In order to set this

matter in a clear light to every should endeavoor, therefore, to wear out of his mind reader, I shall in the first place observe, that a táis eriminal curiosity, which is perpetually height- metaphor is a siunile in one word, which serves to ened and inflamed by listening to such stories as tend to the disreputation of athers.

* St bæi Serm. 61. la the second place, a man should consult his own (-1671; reprinted in 1682. It is a letter of M. Felibiea to the

† Felibien. Description de l'Abbaye de la Trappe, Paris heart, whether he be not apt to believe such little Duchess of Liancourt

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HOR, Ars Poet. ver. 12.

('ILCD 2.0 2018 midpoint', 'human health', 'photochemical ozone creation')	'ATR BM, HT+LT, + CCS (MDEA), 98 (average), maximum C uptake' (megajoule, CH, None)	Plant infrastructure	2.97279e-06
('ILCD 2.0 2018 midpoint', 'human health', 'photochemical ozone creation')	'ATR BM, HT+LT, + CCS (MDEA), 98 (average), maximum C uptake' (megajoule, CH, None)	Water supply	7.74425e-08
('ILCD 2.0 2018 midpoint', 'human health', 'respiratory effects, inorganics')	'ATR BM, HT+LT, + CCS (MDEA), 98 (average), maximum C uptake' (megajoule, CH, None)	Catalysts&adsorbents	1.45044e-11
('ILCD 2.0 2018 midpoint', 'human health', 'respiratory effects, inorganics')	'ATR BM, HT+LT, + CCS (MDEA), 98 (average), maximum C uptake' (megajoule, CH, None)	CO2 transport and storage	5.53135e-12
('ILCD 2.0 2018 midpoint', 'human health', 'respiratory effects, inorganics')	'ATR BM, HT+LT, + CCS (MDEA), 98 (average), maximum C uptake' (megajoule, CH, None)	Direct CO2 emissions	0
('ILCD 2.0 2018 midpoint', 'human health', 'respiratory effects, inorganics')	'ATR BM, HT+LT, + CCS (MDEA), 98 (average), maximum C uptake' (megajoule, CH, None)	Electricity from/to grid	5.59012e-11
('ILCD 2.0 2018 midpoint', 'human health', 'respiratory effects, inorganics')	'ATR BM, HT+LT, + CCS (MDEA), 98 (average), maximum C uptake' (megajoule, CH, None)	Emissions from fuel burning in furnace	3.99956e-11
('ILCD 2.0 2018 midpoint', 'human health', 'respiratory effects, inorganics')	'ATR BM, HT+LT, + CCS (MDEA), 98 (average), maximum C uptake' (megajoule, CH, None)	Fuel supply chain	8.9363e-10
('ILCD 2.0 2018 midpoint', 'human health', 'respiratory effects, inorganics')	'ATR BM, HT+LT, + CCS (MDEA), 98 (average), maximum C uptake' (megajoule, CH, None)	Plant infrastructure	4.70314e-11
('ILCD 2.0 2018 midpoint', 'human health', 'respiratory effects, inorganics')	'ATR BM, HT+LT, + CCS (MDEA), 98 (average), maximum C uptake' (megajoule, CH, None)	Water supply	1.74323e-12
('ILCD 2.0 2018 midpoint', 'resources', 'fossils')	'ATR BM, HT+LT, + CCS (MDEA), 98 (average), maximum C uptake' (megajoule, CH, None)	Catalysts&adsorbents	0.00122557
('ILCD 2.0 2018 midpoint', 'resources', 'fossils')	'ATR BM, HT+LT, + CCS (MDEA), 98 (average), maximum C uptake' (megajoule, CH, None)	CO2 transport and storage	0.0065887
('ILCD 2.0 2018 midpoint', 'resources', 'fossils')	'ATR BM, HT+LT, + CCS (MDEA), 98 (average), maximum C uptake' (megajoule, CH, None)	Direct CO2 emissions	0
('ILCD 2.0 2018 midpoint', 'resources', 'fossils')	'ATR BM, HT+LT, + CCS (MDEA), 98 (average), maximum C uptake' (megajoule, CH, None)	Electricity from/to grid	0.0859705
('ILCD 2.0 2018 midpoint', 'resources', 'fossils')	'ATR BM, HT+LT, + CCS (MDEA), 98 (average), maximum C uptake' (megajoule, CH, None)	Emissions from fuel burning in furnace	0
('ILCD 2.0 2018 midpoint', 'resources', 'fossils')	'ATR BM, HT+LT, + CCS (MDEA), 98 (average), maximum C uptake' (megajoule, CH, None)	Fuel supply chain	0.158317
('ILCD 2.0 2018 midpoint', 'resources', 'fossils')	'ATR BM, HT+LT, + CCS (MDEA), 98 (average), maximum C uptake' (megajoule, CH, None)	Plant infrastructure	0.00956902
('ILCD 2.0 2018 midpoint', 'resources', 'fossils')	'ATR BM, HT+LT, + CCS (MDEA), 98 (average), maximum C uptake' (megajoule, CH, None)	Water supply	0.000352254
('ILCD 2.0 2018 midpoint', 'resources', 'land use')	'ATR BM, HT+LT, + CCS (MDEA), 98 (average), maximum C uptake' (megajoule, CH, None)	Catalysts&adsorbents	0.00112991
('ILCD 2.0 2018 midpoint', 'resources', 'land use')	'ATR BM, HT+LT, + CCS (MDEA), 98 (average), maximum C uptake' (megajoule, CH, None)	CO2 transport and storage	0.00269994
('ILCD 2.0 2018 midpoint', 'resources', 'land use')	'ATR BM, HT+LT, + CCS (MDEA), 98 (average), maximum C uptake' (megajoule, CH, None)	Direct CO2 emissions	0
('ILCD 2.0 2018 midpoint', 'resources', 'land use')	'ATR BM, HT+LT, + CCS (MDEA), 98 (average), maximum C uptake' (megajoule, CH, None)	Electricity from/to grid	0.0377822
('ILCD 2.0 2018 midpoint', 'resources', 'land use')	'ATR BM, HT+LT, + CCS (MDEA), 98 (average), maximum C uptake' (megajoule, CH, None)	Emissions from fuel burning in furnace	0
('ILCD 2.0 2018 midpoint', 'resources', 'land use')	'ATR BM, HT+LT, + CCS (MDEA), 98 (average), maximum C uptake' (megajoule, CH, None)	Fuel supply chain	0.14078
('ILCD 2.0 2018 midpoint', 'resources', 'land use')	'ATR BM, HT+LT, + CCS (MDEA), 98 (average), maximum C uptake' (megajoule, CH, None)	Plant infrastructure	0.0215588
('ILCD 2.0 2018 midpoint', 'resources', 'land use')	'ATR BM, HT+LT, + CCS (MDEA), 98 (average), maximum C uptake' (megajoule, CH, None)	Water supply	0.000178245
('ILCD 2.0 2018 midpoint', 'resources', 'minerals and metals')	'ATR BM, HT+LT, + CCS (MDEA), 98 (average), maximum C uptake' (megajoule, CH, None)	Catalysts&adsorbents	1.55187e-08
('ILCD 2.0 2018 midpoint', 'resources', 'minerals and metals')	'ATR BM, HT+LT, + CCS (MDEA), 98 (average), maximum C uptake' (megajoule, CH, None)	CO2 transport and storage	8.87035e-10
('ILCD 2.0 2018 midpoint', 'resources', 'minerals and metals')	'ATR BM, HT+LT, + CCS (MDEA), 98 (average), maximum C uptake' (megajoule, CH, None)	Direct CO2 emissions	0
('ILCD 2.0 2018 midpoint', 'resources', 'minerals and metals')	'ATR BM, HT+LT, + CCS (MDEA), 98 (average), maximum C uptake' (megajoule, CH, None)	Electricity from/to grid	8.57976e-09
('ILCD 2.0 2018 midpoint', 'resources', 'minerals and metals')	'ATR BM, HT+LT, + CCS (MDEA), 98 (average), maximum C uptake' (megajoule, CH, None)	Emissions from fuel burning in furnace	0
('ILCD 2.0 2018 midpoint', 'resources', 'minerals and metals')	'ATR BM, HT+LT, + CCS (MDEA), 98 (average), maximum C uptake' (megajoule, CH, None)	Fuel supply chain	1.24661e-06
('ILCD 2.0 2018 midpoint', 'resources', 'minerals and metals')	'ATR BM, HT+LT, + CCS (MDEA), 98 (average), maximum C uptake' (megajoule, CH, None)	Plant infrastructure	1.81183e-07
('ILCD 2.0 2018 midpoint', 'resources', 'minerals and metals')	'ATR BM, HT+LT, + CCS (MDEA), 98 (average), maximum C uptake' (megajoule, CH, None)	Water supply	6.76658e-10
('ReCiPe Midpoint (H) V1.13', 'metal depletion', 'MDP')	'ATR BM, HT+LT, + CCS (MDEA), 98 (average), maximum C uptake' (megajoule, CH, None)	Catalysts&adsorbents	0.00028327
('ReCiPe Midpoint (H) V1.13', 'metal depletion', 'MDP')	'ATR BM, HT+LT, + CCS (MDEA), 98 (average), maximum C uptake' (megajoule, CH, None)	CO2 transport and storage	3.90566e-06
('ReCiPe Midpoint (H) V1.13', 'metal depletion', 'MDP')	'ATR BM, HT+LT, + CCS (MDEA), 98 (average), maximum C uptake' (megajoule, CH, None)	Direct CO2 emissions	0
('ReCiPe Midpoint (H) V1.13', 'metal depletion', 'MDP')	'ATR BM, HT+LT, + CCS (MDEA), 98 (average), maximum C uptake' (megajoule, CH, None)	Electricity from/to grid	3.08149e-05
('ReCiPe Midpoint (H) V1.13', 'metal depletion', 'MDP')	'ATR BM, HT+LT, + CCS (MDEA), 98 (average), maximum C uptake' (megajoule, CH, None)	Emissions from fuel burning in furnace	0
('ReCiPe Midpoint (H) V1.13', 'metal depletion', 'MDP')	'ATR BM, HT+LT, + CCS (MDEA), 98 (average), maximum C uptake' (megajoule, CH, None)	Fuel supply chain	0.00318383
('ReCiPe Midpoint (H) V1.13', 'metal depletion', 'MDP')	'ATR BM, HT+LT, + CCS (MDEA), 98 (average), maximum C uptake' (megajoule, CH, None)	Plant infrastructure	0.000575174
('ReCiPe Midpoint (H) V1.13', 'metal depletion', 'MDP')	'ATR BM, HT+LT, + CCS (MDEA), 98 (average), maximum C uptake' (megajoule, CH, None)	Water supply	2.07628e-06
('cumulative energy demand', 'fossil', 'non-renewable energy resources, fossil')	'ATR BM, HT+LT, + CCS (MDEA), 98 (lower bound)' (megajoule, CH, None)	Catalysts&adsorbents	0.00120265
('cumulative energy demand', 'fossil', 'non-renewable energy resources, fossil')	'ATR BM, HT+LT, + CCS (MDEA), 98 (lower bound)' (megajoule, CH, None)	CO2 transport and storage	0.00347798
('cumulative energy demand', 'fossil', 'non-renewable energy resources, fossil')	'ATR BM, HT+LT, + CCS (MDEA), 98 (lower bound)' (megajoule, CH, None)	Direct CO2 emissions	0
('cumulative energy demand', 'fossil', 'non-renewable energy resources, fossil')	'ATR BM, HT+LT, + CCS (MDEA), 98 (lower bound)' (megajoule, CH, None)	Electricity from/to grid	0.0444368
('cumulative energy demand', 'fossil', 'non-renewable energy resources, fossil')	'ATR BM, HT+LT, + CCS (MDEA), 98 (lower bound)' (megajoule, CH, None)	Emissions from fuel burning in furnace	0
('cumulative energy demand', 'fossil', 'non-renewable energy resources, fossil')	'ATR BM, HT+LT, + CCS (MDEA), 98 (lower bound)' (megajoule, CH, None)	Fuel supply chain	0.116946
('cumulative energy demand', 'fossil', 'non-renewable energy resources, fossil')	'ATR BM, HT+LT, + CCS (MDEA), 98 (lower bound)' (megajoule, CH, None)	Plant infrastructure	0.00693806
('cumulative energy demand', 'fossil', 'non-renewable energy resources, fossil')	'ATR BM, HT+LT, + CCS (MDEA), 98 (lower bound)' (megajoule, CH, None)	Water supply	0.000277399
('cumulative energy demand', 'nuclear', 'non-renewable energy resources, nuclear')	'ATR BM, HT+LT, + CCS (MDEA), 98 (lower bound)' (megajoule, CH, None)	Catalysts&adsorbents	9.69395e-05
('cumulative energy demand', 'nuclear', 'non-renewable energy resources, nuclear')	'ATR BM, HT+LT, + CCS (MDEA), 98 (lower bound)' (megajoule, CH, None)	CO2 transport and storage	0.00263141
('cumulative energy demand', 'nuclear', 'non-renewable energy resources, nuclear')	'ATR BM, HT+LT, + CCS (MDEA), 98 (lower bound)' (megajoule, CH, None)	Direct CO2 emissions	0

coavey the thoughts of the mind under resemblances | once for all, turn your eyes where you please, you and images which affect the senses. There is not shall never smell me out. Do you think that the any thing in the world which may not be compared panics, which you sow about the parish, will ever to several things, if considered in several distinct build a monument to your glory? No, Sir, you may lights; or, in other words, the same thing may be fight these battles as long as you will; but when you expressed by different metaphors. But the mischief come to balance the account, you will find that you is, that an unskilful author shall run these meta- have been fishing in troubled waters, and that an phors so absurdly into one another, that there shall ignis fatuus hath bewildered you, and that indeed be nó simile, po agreeable picture, no apt resem. you have built upon a sandy foundation, and brought blunce; but confusion, obscurity, aud noise. Thus your hogs to a fair market. I have known a hero compared to a thunderbolt, a